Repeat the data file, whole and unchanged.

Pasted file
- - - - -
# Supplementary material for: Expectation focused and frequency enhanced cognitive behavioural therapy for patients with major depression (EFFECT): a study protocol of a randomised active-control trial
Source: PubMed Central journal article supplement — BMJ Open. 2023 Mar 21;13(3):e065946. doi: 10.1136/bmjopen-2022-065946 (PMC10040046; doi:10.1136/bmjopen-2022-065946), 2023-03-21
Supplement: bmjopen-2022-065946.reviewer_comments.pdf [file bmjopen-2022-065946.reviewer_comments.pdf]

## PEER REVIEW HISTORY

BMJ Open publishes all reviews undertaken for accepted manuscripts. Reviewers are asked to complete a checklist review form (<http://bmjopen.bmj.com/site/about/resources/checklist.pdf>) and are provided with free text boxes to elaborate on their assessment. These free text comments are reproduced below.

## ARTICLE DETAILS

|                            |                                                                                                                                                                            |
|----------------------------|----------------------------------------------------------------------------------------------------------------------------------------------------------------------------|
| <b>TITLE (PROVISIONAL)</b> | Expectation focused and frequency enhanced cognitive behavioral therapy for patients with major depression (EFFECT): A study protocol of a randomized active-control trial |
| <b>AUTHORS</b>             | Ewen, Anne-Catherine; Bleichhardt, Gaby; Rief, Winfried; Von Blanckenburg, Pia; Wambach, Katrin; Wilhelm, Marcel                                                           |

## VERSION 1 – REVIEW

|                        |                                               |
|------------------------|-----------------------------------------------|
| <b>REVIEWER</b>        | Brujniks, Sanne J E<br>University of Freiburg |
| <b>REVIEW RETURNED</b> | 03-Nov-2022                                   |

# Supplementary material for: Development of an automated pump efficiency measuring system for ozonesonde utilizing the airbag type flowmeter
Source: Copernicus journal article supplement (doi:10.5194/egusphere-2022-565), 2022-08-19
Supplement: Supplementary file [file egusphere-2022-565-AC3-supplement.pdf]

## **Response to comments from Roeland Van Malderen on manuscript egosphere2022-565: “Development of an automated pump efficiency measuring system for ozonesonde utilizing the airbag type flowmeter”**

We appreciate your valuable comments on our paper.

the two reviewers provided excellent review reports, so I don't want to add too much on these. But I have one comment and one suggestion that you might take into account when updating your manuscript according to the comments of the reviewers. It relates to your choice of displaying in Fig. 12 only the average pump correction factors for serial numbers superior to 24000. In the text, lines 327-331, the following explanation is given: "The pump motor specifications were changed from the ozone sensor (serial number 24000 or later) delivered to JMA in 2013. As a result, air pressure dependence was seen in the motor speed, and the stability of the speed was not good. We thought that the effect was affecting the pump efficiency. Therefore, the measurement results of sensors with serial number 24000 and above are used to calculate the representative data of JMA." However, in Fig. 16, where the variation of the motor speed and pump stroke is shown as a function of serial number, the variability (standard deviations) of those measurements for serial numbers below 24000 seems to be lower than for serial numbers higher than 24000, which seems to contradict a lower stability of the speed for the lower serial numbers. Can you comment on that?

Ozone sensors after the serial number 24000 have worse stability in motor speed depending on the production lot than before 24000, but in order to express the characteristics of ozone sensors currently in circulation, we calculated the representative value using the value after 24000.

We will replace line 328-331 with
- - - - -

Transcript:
# Supplementary material for: Expectation focused and frequency enhanced cognitive behavioural therapy for patients with major depression (EFFECT): a study protocol of a randomised active-control trial
Source: PubMed Central journal article supplement — BMJ Open. 2023 Mar 21;13(3):e065946. doi: 10.1136/bmjopen-2022-065946 (PMC10040046; doi:10.1136/bmjopen-2022-065946), 2023-03-21
Supplement: bmjopen-2022-065946.reviewer_comments.pdf [file bmjopen-2022-065946.reviewer_comments.pdf]

## PEER REVIEW HISTORY

BMJ Open publishes all reviews undertaken for accepted manuscripts. Reviewers are asked to complete a checklist review form (<http://bmjopen.bmj.com/site/about/resources/checklist.pdf>) and are provided with free text boxes to elaborate on their assessment. These free text comments are reproduced below.

## ARTICLE DETAILS

|                            |                                                                                                                                                                            |
|----------------------------|----------------------------------------------------------------------------------------------------------------------------------------------------------------------------|
| <b>TITLE (PROVISIONAL)</b> | Expectation focused and frequency enhanced cognitive behavioral therapy for patients with major depression (EFFECT): A study protocol of a randomized active-control trial |
| <b>AUTHORS</b>             | Ewen, Anne-Catherine; Bleichhardt, Gaby; Rief, Winfried; Von Blanckenburg, Pia; Wambach, Katrin; Wilhelm, Marcel                                                           |

## VERSION 1 – REVIEW

|                        |                                               |
|------------------------|-----------------------------------------------|
| <b>REVIEWER</b>        | Brujniks, Sanne J E<br>University of Freiburg |
| <b>REVIEW RETURNED</b> | 03-Nov-2022                                   |

# Supplementary material for: Development of an automated pump efficiency measuring system for ozonesonde utilizing the airbag type flowmeter
Source: Copernicus journal article supplement (doi:10.5194/egusphere-2022-565), 2022-08-19
Supplement: Supplementary file [file egusphere-2022-565-AC3-supplement.pdf]

## **Response to comments from Roeland Van Malderen on manuscript egosphere2022-565: “Development of an automated pump efficiency measuring system for ozonesonde utilizing the airbag type flowmeter”**

We appreciate your valuable comments on our paper.

the two reviewers provided excellent review reports, so I don't want to add too much on these. But I have one comment and one suggestion that you might take into account when updating your manuscript according to the comments of the reviewers. It relates to your choice of displaying in Fig. 12 only the average pump correction factors for serial numbers superior to 24000. In the text, lines 327-331, the following explanation is given: "The pump motor specifications were changed from the ozone sensor (serial number 24000 or later) delivered to JMA in 2013. As a result, air pressure dependence was seen in the motor speed, and the stability of the speed was not good. We thought that the effect was affecting the pump efficiency. Therefore, the measurement results of sensors with serial number 24000 and above are used to calculate the representative data of JMA." However, in Fig. 16, where the variation of the motor speed and pump stroke is shown as a function of serial number, the variability (standard deviations) of those measurements for serial numbers below 24000 seems to be lower than for serial numbers higher than 24000, which seems to contradict a lower stability of the speed for the lower serial numbers. Can you comment on that?

Ozone sensors after the serial number 24000 have worse stability in motor speed depending on the production lot than before 24000, but in order to express the characteristics of ozone sensors currently in circulation, we calculated the representative value using the value after 24000.

We will replace line 328-331 with